Having a three-year-old means that you find yourself getting re-aquainted with cultural figures you haven't really considered in a very long time. For example, my son Otto is very taken with noted avian sailor/hothead Donald Duck. As with anyone I want to know more about, my first question was obvious: what's he drive?
The answer to that question, I found out, is much more involved than I ever would have guessed. It's not widely known, but I'm a former child myself, and as a child I was a big Donald Duck fan as well, though I never knew anything about his car. That may be why I was so surprised to learn that Donald's car is A Thing. It's not just some random cartoon car that changes from cartoon to cartoon or comic to comic — it's a specific car, with specific traits and history. It's even got a name: the Belchfire Runabout, also known by its license plate number, 313.
(from Col. Joivil)
It's actually a 1934 Belchfire Runabout, to be specific. That sort of year/make/model syntax does imply that it's a production vehicle — well, even a fictitious production vehicle, but it's not. The story goes that Donald Duck constructed the car out of parts from a number of cars.
In one panel from a 1949 comic book, a particularly astute dog who seems to hold some sort of security position assesses the car as having
... 1920 Mixwell engine! '22 Dudge body! '23 Paclac axles! Wheels off a lawn mower! But it runs!
And though I seem to remember my grandfather driving a '45 Paclac after he wrecked his '33 Mixwell into the plate glass window of a Dudge dealership, I believe all of these are fictional makes. Still, Donald's car may better be thought of as a Belchfire Special. Oh, and it's also sometimes known as a Duckatti, just to keep things nice and confusing.
Somewhat more grounded in our tedious, non-anthropomorphic duck world, the 313 seems to be loosely based on an American Bantam, which itself was loosely based on the British Austin Seven, and the Bantam went on to loosely base the famous Jeep of WWII. So there's a lot of loose basing going on here.
The 313 number is either Donald's fictitious birthday (March 13) or a reference to tripled bad luck (3x13). The car first appeared (in a slightly, subtly different form) in a 1937 animated cartoon called Don Donald, where the car has a pretty big role. Donald acquires the car by trading a donkey for it (still how most cars are acquired in the duck community), and this action is probably most hilariously described in the Google-translated German version of the Duckapedia, as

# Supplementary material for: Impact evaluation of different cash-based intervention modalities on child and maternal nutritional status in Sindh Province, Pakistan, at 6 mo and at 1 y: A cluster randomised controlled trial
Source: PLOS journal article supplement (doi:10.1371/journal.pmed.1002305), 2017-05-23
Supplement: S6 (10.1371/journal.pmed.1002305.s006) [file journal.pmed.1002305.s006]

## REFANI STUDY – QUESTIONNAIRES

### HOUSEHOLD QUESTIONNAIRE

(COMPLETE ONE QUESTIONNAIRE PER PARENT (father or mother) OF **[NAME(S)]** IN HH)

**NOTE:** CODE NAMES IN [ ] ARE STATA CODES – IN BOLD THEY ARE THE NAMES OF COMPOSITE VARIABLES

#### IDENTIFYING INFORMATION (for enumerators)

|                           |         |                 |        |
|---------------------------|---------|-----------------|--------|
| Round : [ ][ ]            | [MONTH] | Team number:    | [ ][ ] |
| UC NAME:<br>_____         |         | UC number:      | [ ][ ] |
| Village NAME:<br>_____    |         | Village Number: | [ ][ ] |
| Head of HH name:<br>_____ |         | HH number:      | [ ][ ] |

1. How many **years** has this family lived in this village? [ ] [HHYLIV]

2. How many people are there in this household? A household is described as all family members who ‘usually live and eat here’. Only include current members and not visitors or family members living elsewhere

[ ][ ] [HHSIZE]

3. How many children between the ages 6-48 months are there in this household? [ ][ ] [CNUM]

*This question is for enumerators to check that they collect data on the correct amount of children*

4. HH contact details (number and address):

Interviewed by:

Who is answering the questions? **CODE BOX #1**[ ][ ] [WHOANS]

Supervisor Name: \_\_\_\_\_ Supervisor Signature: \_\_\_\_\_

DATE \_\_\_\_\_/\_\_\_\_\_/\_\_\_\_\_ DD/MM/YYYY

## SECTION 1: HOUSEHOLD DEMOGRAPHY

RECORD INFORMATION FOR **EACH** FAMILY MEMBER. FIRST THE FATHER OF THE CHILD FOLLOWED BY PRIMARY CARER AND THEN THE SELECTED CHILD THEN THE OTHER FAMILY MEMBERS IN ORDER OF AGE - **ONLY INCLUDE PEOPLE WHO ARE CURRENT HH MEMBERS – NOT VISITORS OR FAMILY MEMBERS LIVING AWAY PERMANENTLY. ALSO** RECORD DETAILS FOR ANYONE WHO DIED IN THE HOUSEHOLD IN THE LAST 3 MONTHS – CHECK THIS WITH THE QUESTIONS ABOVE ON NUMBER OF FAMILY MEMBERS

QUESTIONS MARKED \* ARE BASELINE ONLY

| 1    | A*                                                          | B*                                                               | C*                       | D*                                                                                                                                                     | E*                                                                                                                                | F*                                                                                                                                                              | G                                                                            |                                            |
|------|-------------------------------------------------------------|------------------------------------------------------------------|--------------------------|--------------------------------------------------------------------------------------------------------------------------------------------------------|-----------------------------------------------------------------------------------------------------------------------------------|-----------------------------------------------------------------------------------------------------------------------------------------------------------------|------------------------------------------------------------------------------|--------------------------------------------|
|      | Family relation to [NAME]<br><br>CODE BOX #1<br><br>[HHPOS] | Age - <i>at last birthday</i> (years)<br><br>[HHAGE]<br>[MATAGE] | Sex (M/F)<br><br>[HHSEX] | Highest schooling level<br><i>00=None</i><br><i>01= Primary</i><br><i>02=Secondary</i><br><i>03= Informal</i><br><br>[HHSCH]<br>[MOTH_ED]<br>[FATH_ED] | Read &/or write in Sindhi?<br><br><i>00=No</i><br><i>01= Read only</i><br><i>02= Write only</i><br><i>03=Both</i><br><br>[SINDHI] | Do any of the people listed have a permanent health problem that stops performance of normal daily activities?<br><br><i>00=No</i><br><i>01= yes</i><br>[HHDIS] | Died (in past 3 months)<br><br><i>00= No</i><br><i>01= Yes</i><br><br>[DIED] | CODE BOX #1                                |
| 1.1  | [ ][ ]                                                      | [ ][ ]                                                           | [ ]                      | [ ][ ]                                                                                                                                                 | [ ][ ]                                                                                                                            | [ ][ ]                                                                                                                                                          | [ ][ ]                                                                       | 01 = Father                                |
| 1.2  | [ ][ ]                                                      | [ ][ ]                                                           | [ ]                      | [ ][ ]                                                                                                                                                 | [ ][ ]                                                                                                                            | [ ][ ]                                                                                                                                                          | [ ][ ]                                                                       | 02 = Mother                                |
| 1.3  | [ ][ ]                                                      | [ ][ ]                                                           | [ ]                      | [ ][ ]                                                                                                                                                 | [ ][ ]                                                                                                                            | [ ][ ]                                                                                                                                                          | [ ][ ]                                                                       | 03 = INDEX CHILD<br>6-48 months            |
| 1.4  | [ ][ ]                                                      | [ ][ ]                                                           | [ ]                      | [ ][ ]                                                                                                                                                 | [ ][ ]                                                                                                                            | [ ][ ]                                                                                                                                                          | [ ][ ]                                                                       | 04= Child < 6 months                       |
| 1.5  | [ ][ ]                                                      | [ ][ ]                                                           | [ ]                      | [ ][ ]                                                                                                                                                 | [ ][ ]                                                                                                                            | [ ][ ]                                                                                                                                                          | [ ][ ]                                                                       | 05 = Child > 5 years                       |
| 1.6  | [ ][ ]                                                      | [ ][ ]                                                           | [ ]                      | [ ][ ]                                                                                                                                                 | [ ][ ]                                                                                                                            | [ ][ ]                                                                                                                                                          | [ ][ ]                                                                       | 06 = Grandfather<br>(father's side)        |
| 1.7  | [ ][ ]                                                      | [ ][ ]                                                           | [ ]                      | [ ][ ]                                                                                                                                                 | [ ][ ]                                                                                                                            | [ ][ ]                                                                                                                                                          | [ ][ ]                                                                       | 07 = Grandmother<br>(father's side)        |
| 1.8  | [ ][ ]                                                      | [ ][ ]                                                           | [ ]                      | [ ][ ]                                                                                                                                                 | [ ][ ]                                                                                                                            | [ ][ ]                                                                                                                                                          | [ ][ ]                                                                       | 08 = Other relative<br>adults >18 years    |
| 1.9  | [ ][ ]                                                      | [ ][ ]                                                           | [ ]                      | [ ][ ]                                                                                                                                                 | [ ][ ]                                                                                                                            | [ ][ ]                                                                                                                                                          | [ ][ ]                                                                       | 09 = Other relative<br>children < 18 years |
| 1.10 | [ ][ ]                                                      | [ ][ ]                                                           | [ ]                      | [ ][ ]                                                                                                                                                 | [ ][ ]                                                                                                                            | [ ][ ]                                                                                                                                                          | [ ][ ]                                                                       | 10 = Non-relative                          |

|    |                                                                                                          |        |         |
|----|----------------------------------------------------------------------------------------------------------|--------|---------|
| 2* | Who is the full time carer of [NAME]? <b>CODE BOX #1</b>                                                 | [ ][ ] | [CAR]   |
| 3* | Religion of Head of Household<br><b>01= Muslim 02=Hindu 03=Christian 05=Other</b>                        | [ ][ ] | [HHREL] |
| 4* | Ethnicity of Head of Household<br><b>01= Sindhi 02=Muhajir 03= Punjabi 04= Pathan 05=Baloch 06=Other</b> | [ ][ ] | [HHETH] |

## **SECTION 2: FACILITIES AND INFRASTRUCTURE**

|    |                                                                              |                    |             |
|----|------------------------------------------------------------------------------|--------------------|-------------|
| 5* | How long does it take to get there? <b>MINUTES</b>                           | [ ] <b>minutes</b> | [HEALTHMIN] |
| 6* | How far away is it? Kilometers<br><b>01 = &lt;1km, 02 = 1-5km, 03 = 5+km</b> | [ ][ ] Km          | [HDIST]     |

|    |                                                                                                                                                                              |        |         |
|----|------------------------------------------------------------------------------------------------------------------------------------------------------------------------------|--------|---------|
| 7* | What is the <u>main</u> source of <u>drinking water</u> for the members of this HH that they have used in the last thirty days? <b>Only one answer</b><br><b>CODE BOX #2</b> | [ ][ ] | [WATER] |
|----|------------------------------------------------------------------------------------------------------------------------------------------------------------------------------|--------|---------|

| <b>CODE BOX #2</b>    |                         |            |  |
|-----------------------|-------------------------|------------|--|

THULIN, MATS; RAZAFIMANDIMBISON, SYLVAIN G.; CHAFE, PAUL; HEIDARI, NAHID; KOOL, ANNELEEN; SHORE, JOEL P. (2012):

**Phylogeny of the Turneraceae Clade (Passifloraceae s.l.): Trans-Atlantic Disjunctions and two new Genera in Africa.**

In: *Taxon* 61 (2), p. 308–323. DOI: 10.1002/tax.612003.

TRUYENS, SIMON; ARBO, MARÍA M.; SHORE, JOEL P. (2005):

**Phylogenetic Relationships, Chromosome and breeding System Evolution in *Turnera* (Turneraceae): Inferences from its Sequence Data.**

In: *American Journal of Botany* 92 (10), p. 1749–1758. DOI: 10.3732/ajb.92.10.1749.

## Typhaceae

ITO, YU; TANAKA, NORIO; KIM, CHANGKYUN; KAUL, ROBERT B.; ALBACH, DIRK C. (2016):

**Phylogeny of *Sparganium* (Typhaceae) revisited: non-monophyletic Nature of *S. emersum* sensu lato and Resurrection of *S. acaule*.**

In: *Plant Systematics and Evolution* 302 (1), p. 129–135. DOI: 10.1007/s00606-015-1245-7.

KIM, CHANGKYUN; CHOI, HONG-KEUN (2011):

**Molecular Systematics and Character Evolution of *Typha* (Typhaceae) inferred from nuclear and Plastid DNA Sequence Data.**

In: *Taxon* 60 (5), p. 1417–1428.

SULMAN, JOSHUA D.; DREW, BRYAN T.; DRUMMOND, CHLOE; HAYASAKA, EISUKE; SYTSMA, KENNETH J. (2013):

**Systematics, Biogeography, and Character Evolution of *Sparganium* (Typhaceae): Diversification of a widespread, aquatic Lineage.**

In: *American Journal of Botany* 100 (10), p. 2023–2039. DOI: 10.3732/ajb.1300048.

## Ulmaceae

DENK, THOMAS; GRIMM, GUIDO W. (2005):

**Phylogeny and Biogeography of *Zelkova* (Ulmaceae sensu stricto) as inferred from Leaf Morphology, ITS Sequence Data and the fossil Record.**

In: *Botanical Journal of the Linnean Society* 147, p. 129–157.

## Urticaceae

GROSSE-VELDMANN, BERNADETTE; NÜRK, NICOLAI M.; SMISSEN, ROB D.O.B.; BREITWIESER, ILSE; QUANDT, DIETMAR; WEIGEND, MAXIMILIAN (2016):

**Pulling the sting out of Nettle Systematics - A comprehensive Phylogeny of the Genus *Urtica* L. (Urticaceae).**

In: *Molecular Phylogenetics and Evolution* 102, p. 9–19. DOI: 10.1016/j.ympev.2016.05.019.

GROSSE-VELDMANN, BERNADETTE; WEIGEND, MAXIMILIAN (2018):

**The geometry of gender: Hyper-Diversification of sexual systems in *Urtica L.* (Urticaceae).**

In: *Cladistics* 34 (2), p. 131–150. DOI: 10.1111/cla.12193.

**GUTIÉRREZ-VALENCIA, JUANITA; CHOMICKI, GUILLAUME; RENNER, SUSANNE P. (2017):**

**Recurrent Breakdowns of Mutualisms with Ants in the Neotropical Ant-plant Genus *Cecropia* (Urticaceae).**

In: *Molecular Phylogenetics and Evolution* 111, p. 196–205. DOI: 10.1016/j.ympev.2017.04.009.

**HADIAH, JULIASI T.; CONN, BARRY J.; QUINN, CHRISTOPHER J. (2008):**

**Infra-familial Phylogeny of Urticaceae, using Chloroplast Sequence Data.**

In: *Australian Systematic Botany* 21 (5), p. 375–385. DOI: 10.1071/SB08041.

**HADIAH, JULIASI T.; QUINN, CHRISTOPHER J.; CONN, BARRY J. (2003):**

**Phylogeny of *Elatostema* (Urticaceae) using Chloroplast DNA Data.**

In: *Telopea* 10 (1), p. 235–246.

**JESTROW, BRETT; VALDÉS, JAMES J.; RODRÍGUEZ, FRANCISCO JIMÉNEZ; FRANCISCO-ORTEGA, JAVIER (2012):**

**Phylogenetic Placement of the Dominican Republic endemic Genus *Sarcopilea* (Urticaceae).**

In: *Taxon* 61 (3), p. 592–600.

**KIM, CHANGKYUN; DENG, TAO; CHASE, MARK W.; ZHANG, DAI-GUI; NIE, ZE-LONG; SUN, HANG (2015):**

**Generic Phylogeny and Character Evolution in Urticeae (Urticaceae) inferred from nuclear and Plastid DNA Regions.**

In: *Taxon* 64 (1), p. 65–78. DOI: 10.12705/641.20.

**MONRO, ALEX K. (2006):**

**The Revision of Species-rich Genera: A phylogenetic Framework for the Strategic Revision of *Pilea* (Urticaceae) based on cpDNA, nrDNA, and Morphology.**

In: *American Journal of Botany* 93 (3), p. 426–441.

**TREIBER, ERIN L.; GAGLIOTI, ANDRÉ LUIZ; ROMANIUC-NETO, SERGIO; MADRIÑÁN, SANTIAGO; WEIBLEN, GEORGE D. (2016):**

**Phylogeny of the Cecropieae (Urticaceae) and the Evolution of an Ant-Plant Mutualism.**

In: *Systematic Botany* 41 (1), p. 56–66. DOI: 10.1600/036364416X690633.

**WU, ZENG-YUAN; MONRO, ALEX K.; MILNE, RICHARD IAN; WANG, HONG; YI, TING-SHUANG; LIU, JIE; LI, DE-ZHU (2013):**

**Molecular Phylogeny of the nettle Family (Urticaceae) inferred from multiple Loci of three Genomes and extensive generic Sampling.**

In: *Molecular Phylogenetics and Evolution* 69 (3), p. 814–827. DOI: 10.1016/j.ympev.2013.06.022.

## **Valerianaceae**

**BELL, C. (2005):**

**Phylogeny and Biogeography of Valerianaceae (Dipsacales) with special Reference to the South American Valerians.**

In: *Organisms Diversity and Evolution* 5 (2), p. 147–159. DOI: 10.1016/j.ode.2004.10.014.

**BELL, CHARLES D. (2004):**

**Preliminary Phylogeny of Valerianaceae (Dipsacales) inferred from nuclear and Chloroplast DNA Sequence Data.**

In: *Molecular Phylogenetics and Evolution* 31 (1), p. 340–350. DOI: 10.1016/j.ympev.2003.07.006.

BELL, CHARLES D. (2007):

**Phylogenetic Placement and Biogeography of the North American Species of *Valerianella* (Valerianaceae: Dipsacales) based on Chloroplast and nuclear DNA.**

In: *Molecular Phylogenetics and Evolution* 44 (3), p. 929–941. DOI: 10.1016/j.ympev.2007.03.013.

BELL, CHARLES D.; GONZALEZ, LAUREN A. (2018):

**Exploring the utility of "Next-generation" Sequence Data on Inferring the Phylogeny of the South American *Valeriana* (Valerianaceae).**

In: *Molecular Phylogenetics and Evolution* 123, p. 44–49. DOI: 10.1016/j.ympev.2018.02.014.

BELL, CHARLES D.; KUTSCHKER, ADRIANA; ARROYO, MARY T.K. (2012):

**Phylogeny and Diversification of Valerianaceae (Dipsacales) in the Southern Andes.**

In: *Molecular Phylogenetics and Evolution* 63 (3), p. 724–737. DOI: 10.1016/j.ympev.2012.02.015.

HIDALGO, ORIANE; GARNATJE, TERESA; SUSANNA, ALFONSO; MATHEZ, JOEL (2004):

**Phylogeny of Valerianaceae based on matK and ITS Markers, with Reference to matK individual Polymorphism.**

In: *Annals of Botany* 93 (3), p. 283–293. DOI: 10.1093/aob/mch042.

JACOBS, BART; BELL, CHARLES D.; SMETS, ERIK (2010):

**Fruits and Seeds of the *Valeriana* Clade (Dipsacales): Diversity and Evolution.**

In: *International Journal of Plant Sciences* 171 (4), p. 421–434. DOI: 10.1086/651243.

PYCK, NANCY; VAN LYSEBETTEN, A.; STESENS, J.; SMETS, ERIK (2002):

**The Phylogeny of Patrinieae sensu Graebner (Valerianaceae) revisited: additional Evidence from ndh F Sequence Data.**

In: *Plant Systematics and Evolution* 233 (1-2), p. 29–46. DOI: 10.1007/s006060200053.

Here Donald exchanged ass against the car to at his flame Donna Duck to impress.
After this initial appearance, the Belchfire made its definitive introduction in a July 1, 1938 comic by Al Taliaferro, who added the 313 number plate and defined/refined the essential look of the car, with its bubbly fenders, external headlights, short wheelbase and rumble seat.
What's appealing about the 313 is that an unusual amount of gearhead-style attention has been paid to the car, with artists adding details and information over the years. The car is prone to many breakdowns for plot-furthering and comic effect, and has even been split in half on a few occasions, giving interesting glimpses into the car's internal details.
In fact, a really, really detailed cutaway of the 313 was produced in 1998 by Claude Lacroix in a French journal, and here we can see all kinds of details about the car. It's an inline twin engine with an overhead cam, driving the rear wheels via a four-speed manual transmission. There appears to be a solid live axle at the rear, and pretty basic suspension design, but it does seem to have rack-and-pinion steering. I think those are drum brakes all around, and the seats look very well-sprung.
For a cartoon car, this is a staggering amount of information. There's even a simple wiring/circuit diagram in the drawing. I had no idea Donald Duck was such a gearhead (though I have heard he was a prolific inventor in reality) — there's even sketches on the walls showing amphibious, dragster, and F1 possible variants of the car.
Of course, someone has built an actual, working 313. The real-world realization is from 1991, in Norway, where Donald Duck seems to be unusually popular, for Norwegian reasons I know nothing about. The replica looks to be incredibly accurate down to the very cartoonish proportions of the drawn car. It's powered by an Opel Kadett engine, and I'd love to know more about those crazy, bubbly tires.
I can't believe I never knew about Donald's trademark car before. I really love that it's been a consistent part of the character for over 75 years, and that it's been treated like an actual vehicle, with some frankly obsessive attention to detail. Next time I'm at Disneyland with Otto, I'll be sure to try and pester Donald to let me take it for a Jalopnik Classic Review. I'm sure they'll be up for that.